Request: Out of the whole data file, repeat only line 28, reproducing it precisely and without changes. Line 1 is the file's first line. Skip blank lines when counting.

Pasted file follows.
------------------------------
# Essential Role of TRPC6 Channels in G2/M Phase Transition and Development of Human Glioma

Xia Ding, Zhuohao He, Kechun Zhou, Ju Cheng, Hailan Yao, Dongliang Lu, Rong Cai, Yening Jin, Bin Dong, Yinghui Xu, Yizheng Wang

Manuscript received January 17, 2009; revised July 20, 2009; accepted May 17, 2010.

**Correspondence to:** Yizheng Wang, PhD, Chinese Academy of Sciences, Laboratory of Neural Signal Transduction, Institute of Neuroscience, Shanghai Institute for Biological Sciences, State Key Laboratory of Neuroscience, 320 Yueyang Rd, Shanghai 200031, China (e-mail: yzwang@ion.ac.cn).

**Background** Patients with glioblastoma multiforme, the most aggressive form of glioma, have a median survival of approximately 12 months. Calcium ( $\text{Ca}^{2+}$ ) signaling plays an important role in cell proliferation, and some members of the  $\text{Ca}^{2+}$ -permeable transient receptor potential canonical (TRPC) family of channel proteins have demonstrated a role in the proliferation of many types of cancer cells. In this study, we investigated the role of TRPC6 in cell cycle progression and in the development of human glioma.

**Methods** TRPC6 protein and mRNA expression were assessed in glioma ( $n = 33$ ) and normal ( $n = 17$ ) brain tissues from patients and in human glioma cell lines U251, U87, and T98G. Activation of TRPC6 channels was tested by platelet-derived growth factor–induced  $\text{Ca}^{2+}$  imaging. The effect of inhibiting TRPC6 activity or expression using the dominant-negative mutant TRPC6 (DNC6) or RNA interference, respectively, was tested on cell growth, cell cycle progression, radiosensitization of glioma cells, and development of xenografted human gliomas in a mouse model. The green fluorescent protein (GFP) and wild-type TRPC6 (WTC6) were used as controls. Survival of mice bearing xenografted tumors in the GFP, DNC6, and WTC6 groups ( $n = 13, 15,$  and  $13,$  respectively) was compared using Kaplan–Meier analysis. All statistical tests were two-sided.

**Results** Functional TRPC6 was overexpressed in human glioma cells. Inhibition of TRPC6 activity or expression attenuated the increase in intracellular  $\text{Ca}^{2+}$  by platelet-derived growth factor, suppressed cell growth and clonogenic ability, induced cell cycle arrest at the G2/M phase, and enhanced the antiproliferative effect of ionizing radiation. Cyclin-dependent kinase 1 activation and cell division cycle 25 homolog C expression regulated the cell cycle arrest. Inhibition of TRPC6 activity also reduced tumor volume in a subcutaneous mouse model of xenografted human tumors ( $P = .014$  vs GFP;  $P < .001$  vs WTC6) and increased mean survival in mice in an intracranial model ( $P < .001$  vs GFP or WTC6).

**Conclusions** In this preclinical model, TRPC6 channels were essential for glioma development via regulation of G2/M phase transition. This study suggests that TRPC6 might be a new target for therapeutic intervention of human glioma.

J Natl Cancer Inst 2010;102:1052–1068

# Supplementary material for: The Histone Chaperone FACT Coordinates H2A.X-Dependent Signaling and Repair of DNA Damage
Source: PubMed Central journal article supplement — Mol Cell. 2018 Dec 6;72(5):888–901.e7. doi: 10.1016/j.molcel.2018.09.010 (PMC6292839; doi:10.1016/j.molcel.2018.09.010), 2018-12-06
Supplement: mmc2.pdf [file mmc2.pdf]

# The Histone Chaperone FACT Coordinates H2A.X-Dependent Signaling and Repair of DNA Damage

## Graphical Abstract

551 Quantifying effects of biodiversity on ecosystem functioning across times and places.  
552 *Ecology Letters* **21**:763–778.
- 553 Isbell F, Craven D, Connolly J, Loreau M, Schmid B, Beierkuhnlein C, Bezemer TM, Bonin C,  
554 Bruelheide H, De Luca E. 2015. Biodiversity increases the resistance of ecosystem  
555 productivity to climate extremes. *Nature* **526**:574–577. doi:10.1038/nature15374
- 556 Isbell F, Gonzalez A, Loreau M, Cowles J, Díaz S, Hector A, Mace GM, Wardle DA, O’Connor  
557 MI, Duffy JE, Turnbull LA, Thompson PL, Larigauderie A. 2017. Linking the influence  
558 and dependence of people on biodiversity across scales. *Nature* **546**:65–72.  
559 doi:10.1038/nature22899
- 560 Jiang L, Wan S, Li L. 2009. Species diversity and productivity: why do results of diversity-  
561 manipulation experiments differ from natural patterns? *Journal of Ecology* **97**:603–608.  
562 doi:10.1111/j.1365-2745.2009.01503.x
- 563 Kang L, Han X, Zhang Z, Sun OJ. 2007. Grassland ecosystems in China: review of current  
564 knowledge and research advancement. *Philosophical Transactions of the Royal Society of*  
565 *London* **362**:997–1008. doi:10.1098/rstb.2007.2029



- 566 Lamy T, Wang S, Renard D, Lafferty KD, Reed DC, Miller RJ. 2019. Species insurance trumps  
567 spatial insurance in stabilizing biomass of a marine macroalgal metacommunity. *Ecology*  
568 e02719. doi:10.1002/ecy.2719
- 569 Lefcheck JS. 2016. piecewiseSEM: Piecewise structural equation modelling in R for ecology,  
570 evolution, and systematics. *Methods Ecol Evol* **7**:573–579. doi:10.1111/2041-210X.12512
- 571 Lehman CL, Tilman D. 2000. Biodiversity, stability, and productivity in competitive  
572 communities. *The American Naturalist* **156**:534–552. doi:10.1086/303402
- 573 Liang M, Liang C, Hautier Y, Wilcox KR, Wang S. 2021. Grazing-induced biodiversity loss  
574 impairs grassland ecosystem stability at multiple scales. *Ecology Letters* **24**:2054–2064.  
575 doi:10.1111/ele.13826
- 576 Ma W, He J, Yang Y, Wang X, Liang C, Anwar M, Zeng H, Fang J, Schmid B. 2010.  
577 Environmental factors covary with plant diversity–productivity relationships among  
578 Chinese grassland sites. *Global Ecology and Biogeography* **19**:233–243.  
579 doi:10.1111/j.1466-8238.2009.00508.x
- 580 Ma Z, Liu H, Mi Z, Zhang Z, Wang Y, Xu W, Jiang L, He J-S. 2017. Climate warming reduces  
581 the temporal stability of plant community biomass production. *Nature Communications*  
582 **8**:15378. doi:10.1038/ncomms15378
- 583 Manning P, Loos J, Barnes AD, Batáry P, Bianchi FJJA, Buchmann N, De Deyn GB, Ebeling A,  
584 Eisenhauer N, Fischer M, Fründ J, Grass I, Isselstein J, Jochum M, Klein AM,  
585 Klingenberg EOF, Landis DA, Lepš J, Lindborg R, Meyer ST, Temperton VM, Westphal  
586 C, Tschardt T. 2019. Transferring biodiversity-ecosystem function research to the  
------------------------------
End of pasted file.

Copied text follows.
564 knowledge and research advancement. *Philosophical Transactions of the Royal Society of*  